© 2011 – Routledge
This book opens up the black-box of the UN Global Compact – the archetypical corporate social responsibility (CSR) initiative anchored within the United Nations. It appraises the ten-year history, governance, and engagement mechanisms of this unique UN initiative. Building on extensive empirical research, the work provides a concise introduction to the inner workings and effects of the UN Global Compact, and appraises the key debates surrounding the initiative.
Providing a unique and much needed examination of this significant initiative, Gregoratti seeks to provide an independent view on the success of the Compact, disentangling the key criticisms and current debates surrounding the initiative. The work also seeks to highlight that the Compact is currently at a crossroads, and continues to suffer from significant legitimacy challenges which must be confronted in order to meet its original aspirations.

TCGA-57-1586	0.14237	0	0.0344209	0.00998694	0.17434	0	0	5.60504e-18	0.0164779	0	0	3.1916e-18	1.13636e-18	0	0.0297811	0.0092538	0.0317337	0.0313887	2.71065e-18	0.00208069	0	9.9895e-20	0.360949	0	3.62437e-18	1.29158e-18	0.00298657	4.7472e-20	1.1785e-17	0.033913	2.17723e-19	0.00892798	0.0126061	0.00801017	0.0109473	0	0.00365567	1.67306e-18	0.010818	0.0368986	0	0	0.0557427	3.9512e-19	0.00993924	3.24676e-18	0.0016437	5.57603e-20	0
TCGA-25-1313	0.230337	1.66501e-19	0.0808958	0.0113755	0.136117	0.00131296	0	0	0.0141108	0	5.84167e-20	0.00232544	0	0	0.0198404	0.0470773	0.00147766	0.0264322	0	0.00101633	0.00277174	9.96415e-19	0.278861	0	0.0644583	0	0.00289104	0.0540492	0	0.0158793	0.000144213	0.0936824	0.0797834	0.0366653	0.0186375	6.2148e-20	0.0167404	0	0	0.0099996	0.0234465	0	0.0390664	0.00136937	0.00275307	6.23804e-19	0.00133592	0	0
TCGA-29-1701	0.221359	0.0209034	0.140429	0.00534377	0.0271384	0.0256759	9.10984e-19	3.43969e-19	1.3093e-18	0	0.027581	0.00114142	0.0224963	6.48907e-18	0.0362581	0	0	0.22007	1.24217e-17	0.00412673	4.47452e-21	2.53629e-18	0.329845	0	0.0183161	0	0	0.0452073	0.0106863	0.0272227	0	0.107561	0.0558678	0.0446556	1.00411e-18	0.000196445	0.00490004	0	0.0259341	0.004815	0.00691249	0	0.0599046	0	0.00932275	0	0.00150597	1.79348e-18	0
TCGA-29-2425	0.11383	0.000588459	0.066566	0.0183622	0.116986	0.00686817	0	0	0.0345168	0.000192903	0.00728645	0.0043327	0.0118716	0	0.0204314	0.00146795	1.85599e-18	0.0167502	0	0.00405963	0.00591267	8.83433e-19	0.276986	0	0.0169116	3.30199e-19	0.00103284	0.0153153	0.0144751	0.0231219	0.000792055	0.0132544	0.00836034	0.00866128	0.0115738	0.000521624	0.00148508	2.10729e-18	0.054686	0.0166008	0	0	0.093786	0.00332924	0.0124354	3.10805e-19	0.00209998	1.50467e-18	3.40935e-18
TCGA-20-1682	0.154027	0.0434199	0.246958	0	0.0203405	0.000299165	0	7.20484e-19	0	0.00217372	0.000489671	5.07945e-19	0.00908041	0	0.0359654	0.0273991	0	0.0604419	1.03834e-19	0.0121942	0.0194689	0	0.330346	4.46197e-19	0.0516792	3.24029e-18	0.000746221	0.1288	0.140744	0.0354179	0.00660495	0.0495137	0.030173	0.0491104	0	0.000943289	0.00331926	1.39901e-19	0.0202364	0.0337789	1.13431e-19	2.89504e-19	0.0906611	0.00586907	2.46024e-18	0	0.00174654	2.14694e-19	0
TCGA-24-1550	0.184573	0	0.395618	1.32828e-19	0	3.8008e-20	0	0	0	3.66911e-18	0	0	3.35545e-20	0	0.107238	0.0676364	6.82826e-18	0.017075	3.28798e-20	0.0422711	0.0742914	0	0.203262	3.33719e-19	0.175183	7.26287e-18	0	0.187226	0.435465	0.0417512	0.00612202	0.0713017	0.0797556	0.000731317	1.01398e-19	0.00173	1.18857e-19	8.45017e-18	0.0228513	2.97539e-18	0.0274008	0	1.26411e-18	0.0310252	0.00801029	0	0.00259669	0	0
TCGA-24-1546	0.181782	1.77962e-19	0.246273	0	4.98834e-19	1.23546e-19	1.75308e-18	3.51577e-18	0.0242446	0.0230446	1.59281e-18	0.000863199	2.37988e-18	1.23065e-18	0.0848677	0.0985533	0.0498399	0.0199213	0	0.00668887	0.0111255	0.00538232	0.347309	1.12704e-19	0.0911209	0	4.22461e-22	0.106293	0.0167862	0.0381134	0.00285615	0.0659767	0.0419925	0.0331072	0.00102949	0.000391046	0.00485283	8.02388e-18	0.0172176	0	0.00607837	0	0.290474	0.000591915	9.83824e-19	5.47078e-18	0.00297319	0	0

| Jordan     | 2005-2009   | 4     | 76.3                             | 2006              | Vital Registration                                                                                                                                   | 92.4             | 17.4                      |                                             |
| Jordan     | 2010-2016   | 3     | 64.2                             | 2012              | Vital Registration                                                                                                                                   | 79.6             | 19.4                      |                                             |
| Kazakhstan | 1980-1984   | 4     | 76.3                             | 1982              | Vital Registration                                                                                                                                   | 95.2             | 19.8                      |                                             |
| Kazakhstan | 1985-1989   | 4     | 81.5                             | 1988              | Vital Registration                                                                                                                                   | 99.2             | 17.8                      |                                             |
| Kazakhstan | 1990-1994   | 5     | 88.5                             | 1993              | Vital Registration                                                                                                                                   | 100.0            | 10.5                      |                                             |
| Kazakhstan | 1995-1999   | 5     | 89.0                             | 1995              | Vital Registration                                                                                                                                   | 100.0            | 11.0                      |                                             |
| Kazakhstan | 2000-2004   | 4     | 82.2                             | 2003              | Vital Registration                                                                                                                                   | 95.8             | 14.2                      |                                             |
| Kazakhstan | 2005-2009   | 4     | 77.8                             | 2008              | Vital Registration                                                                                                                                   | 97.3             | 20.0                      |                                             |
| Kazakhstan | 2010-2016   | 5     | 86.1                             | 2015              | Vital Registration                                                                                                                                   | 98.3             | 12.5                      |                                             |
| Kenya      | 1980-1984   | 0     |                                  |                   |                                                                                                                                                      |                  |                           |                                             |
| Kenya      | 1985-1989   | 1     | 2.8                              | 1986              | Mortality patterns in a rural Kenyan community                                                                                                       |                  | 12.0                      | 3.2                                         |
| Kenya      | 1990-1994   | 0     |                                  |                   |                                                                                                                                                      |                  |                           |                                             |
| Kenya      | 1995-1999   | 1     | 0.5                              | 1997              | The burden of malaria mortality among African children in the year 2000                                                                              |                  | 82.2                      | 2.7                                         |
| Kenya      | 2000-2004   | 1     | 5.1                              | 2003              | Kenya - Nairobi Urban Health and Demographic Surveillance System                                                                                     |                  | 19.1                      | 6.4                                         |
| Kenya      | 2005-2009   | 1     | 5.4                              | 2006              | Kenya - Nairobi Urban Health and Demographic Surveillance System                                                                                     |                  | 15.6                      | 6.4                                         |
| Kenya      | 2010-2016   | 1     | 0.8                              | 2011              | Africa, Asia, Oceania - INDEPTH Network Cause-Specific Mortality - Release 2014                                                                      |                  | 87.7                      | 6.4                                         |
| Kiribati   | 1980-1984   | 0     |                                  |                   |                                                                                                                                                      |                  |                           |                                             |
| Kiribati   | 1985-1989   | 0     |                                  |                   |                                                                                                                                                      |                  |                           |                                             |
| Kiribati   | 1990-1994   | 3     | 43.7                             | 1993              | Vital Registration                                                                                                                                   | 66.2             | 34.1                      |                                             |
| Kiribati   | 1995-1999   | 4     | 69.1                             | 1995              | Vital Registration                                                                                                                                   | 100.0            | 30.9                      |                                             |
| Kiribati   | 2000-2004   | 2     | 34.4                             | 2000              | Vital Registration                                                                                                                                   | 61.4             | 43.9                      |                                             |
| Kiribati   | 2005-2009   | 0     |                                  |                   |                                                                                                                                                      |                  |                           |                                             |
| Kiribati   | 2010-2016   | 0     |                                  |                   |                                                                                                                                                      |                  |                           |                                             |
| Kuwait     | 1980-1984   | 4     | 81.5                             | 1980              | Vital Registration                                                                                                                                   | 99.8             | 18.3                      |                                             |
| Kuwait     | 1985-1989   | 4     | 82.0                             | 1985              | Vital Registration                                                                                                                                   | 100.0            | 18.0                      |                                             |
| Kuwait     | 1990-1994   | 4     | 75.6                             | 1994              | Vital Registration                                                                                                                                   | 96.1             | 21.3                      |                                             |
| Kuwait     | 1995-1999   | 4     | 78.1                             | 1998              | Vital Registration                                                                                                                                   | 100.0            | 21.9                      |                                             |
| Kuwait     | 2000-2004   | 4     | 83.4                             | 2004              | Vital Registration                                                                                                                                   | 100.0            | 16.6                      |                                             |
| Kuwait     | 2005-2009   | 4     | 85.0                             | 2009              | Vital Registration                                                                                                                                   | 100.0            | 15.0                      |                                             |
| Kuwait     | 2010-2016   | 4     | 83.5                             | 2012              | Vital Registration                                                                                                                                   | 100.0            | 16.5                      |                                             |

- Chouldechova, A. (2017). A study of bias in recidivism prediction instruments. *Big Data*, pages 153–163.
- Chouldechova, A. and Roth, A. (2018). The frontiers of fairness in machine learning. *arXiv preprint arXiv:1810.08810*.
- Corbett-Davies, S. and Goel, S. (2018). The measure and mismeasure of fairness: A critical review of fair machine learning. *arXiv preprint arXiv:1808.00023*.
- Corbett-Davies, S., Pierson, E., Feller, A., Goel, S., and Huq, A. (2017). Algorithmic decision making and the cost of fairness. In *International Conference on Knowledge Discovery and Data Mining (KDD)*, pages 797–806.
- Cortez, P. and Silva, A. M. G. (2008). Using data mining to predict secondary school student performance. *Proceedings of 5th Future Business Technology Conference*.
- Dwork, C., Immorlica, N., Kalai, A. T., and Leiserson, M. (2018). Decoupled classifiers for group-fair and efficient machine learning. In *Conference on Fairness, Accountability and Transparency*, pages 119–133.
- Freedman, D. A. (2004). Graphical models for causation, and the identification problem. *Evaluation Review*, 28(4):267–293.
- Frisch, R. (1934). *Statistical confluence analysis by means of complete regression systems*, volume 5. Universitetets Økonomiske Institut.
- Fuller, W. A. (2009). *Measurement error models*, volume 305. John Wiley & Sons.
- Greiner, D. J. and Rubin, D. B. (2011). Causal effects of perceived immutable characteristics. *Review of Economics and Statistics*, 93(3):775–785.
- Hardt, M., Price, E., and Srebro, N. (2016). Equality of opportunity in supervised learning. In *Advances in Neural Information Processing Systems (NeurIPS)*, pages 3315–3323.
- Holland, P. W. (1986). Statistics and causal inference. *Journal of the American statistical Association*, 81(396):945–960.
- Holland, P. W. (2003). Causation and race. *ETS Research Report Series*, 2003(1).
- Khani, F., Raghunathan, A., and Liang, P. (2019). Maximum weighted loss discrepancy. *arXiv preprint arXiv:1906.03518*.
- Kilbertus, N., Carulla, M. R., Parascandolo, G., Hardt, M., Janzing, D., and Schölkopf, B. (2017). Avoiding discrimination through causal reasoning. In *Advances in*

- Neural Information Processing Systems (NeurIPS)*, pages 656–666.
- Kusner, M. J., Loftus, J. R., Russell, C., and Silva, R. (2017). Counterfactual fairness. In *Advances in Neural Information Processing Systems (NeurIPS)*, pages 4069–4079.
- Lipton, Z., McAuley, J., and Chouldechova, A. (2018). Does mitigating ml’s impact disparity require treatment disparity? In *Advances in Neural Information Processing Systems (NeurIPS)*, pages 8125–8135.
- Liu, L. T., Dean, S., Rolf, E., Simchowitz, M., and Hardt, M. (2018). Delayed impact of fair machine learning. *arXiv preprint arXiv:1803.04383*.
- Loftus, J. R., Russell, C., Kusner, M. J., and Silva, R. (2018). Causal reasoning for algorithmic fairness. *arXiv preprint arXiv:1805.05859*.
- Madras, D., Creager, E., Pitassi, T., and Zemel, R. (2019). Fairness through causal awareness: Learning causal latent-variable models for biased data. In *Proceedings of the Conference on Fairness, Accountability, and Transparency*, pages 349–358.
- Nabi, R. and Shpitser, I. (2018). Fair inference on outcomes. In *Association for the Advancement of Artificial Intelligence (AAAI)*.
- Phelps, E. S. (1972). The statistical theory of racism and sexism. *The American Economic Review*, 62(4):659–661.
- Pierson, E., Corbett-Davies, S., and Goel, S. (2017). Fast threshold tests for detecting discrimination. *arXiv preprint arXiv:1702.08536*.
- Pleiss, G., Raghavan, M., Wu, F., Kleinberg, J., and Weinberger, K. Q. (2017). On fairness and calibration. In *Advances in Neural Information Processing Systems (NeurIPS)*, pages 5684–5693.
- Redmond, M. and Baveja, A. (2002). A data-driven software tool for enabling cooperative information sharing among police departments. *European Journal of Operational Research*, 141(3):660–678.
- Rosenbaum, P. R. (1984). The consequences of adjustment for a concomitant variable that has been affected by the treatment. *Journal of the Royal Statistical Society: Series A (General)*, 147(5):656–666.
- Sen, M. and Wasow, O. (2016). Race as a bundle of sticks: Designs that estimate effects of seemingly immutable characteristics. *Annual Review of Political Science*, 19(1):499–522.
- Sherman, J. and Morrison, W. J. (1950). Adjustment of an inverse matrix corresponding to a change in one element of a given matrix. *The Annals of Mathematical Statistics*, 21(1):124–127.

The book will be of interest to students and researchers of international political economy and international organizations, as well as NGOs and trade unions interested in corporate accountability.
1. Introduction 2. The UN Global Compact History 3. How the UN Global Compact Works 4. Global Bureaucracies and Local Networks 5. The UN Global Compact and the Global Governance of CSR 6. The UN Global Comact and its Critics 7. Conclusion: What's Next for the Compact
The "Global Institutions Series" is edited by Thomas G. Weiss (The CUNY Graduate Center, New York, USA) and Rorden Wilkinson (University of Sussex, UK).
The Series has three "streams" identified by one of three cover colors:
Together these streams provide a coherent and complementary portrait of the problems, prospects, and possibilities confronting global institutions today.